Hereby I officially open the construction blog for the second part of the moon landing trilogy - the Launcher Umbilical Tower, or LUT for short.

After the Crawler Transporter 1/96 saw the light of day after ... em ... a few months of construction and building time, and already has here, as well as at several other locations on this earth, fallen under the knife of courageous model makers, Perry Becker, Chief of the crawler crews, is still looking for volunteers to assemble the paper crawler for the Visitor-Complex at the KSC.

'LUT' is pronounced 'LAT' in NASA English, which surprised me a bit, because 'Umbilical' sounds more like 'jumbilikl' than 'ambilikl'.

First rollout of LUT 1

First rollout of LUT 1. Courtesy of NASA.

Above you see LUT 1 at its first rollout, still without the nine service arms, which lead countless lines of fuel, oxygen, hydrogen, water and cooled air to the Saturn V, and enabled the access to the Apollo capsule.

The three LUTs at KSC

The three LUTs at KSC around 1967. Courtesy of NASA.

A total of three LUTs were built. At the end of the Apollo program they were adapted for the space shuttle. The tower part was dismantled, and the platform was now used as MLP (Mobile Launcher Platform), while the actual launcher tower for the shuttle was erected directly at the launch pads 39a and 39b.

The remains of LUT 1 (from which Apollo 11 was launched) were stored in the so-called boneyard at the KSC site for a long time and open to the public. Unfortunately, they were finally scraped in 2004 for environmental reasons, as the used paint contained lead and apparently posed a threat to the groundwater. A rescue campaign 'Save the LUT', in which I also took part, unfortunately could not help any more. A piece of human history is finally gone.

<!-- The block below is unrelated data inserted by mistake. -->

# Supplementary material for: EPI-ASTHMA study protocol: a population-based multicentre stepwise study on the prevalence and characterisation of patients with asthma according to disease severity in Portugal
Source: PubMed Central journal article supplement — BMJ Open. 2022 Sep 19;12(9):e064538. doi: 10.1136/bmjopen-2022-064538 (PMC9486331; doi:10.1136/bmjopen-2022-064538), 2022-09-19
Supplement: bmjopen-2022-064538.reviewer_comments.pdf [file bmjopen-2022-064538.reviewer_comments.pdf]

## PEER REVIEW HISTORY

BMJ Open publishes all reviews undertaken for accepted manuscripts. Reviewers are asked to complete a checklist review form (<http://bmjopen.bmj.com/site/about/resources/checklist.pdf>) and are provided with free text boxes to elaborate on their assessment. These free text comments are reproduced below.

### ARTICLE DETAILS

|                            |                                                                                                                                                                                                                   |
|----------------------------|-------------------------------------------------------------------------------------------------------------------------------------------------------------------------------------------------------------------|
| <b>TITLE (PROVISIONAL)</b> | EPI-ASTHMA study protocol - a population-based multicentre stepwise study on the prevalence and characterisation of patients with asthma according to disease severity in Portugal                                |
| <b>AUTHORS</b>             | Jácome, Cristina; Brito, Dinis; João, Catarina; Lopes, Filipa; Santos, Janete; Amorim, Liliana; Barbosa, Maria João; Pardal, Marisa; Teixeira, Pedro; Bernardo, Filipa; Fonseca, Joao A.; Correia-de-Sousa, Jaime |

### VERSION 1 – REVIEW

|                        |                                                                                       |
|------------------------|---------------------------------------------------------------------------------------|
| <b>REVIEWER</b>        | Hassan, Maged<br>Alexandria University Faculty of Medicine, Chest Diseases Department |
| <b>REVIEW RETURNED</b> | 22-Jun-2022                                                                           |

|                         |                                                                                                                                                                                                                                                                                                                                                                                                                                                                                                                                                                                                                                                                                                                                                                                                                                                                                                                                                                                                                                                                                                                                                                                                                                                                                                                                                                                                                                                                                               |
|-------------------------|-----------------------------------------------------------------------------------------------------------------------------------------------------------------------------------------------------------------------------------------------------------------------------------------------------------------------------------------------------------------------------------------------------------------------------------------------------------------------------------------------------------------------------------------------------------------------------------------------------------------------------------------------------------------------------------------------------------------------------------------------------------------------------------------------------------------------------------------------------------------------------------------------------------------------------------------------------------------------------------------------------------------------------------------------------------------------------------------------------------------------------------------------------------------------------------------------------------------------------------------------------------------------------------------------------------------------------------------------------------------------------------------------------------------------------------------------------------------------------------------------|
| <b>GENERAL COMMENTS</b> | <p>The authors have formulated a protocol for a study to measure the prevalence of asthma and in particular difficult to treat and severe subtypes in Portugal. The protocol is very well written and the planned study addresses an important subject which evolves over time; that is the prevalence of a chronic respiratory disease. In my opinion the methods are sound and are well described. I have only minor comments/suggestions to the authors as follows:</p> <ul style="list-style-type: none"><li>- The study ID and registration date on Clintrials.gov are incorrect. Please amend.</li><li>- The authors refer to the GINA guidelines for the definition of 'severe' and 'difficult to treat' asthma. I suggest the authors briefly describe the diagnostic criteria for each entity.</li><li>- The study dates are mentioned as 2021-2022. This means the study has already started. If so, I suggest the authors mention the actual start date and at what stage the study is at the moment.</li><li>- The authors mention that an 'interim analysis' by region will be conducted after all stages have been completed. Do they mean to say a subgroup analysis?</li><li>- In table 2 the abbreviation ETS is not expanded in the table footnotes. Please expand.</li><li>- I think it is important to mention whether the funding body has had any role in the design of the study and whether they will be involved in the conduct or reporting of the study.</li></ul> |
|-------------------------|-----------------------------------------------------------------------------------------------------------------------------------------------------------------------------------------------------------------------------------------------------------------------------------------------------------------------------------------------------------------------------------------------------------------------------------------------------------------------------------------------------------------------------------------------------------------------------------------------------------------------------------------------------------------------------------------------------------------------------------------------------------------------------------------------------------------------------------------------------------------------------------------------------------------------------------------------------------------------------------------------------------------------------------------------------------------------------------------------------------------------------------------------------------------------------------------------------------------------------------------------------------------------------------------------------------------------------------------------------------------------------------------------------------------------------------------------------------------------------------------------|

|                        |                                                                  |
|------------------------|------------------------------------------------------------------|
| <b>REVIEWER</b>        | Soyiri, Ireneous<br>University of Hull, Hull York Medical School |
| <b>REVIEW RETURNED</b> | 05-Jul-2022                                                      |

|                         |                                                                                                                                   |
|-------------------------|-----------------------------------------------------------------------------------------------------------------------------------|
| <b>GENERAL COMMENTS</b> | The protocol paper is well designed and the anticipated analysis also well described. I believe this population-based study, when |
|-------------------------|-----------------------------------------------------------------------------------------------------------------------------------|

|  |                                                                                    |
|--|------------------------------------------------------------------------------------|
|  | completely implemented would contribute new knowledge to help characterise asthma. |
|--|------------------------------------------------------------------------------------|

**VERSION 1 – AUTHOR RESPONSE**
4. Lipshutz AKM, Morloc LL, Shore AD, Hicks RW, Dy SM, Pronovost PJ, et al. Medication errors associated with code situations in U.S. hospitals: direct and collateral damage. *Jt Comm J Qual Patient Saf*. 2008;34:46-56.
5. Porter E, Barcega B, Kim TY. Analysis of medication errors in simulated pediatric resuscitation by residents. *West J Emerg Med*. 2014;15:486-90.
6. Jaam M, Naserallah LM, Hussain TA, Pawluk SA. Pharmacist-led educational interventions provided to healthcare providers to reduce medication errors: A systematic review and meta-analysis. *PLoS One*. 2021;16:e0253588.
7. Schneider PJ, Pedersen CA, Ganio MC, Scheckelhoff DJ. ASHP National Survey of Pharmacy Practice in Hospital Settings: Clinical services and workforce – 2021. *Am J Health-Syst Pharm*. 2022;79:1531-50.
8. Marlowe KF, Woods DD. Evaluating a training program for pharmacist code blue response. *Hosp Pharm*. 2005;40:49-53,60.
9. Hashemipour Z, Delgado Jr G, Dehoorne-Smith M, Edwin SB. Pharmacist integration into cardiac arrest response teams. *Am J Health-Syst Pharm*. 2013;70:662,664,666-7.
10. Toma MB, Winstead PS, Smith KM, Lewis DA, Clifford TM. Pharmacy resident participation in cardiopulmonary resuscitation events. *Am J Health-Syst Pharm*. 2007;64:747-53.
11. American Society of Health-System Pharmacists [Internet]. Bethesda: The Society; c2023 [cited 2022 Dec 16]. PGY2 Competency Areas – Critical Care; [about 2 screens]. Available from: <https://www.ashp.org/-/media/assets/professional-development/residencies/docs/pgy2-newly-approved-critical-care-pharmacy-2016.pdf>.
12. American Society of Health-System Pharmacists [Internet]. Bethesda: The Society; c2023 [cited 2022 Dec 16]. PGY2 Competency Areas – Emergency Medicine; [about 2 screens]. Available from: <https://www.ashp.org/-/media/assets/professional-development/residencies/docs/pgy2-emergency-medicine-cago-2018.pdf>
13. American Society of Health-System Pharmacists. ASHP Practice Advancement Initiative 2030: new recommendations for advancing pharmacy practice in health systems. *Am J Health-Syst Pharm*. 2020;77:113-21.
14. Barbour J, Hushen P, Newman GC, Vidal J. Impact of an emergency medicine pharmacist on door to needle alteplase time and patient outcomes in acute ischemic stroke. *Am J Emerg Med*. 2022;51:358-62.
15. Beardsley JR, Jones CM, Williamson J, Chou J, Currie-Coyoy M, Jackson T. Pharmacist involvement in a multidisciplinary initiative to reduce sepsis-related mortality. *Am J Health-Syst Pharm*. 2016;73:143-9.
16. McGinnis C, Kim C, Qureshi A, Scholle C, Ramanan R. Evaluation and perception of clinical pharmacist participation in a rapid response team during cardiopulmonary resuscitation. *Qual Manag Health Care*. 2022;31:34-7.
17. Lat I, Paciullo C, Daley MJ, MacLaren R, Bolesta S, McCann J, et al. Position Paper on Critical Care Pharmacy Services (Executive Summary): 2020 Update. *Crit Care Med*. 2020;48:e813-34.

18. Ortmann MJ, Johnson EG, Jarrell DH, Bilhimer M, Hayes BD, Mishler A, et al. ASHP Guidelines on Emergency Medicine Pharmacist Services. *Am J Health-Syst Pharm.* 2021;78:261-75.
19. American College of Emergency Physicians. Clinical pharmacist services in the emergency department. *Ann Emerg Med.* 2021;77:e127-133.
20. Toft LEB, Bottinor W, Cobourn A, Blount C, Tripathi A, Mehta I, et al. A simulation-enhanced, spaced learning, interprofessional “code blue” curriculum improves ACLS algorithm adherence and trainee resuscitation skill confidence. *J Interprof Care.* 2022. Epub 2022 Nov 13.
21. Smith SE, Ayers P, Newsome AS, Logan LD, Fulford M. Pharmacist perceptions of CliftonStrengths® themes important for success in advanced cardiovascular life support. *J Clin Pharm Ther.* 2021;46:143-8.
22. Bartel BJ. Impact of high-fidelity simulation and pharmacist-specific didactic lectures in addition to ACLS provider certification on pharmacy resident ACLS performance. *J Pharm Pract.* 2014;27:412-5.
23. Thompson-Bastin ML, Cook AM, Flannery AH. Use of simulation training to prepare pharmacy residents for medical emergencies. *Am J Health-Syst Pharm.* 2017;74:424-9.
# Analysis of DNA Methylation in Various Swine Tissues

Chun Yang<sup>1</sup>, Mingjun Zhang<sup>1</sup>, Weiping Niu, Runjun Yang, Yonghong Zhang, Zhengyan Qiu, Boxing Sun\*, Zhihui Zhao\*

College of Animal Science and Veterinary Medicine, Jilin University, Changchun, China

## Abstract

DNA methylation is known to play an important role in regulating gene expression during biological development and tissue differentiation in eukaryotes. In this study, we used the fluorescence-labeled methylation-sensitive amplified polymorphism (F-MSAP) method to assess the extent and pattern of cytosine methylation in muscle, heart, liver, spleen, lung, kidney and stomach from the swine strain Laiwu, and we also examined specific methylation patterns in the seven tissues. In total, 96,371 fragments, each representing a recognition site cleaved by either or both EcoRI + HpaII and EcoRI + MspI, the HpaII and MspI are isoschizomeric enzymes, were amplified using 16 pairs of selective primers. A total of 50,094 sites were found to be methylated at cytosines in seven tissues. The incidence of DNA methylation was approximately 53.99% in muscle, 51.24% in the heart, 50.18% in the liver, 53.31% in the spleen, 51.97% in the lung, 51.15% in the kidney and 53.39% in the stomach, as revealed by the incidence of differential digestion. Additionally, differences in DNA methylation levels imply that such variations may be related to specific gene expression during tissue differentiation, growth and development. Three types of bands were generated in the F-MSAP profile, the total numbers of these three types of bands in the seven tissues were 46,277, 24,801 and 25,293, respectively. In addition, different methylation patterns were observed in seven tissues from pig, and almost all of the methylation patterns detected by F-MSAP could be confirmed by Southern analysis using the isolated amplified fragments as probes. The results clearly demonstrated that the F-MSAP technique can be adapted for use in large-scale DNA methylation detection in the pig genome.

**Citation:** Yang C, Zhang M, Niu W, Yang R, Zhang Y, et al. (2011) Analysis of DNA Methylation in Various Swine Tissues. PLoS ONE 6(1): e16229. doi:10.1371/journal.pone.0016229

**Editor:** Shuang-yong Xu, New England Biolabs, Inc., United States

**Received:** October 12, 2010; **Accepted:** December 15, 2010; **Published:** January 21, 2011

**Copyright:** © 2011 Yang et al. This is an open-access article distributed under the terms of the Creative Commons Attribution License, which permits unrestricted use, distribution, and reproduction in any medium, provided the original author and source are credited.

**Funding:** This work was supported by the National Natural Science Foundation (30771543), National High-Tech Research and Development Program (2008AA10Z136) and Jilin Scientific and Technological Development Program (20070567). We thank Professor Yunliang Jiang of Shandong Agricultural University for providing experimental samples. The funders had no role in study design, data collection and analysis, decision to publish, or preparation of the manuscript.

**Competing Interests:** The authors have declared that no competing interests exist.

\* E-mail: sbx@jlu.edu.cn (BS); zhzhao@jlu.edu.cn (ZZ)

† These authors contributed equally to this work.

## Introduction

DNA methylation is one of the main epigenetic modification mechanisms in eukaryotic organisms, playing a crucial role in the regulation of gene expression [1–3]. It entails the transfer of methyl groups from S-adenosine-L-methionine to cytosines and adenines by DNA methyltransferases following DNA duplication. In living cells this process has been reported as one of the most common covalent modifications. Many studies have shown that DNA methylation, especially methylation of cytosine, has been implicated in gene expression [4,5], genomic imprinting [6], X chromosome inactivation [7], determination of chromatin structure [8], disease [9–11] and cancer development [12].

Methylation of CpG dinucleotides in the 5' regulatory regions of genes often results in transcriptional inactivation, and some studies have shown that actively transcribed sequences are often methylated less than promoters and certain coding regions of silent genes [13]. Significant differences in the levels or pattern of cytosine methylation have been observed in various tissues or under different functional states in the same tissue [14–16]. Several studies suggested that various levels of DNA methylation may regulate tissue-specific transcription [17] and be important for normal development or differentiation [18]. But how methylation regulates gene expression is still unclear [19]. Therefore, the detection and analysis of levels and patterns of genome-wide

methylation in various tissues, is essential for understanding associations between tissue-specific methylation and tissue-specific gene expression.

A nut from Level 380

A nut from Level 380.

So what you see here is a kind of relic that I got during my visit to NASA - the nut on the right is from level 380 of LUT #1. I will keep it in honour. Next to it you can see a locking bolt for the chain links of the crawler, a personal gift from NASA ;)

Design of the MLP

Design of the MLP

The construction starts with the MLP for obvious reasons. As explained above, the term 'MLP' stems from the space shuttle era, where the launcher tower and launcher platform were separated. During the Apollo era it had no specific name, however it's handy to refer to it somehow..

We already see here one of the four Hold-Down-Arms, those powerful clamps, which tied the Saturn V merciless to the ground, in order to release it synchronized in one moment, once the five F1-engines have reached their full power.

I don't want to imagine what would have happened, if one of the release mechanisms had ever failed.

Courtesy of NASA.

This slow motion clip is raw from Camera E-8 on the launch umbilical tower/mobile launch of Apollo 11, July 16, 1969. The camera is running at 500 fps, making the total clip of over 8 minutes represent just 30 seconds of actual time.

Design of the MLP

Design of the MLP

Now the box of MLP is by no means as trivial as it seems at first glance, and I don't mean the castigated inner life. Each of the ground column interfaces is different, and the differences are very subtle.

Design of the MLP

Design of the MLP

The main problem, however, is that your constructor has basically got himself into a delusion of detail. The deck of the MLP ramps down on both sides like a roof, probably to avoid puddles. The difference in height is about 6 inches - big enough to fall within my self-chosen limit of 1 inch accuracy (6 inches on the model are 1.5 mm). On the other hand, the angle of the lower steel beams of the tower would not have fit exactly anymore - so I had no other choice.

So much for the emergence of the LUT. I hope this blog won't last another 10 years *ggg*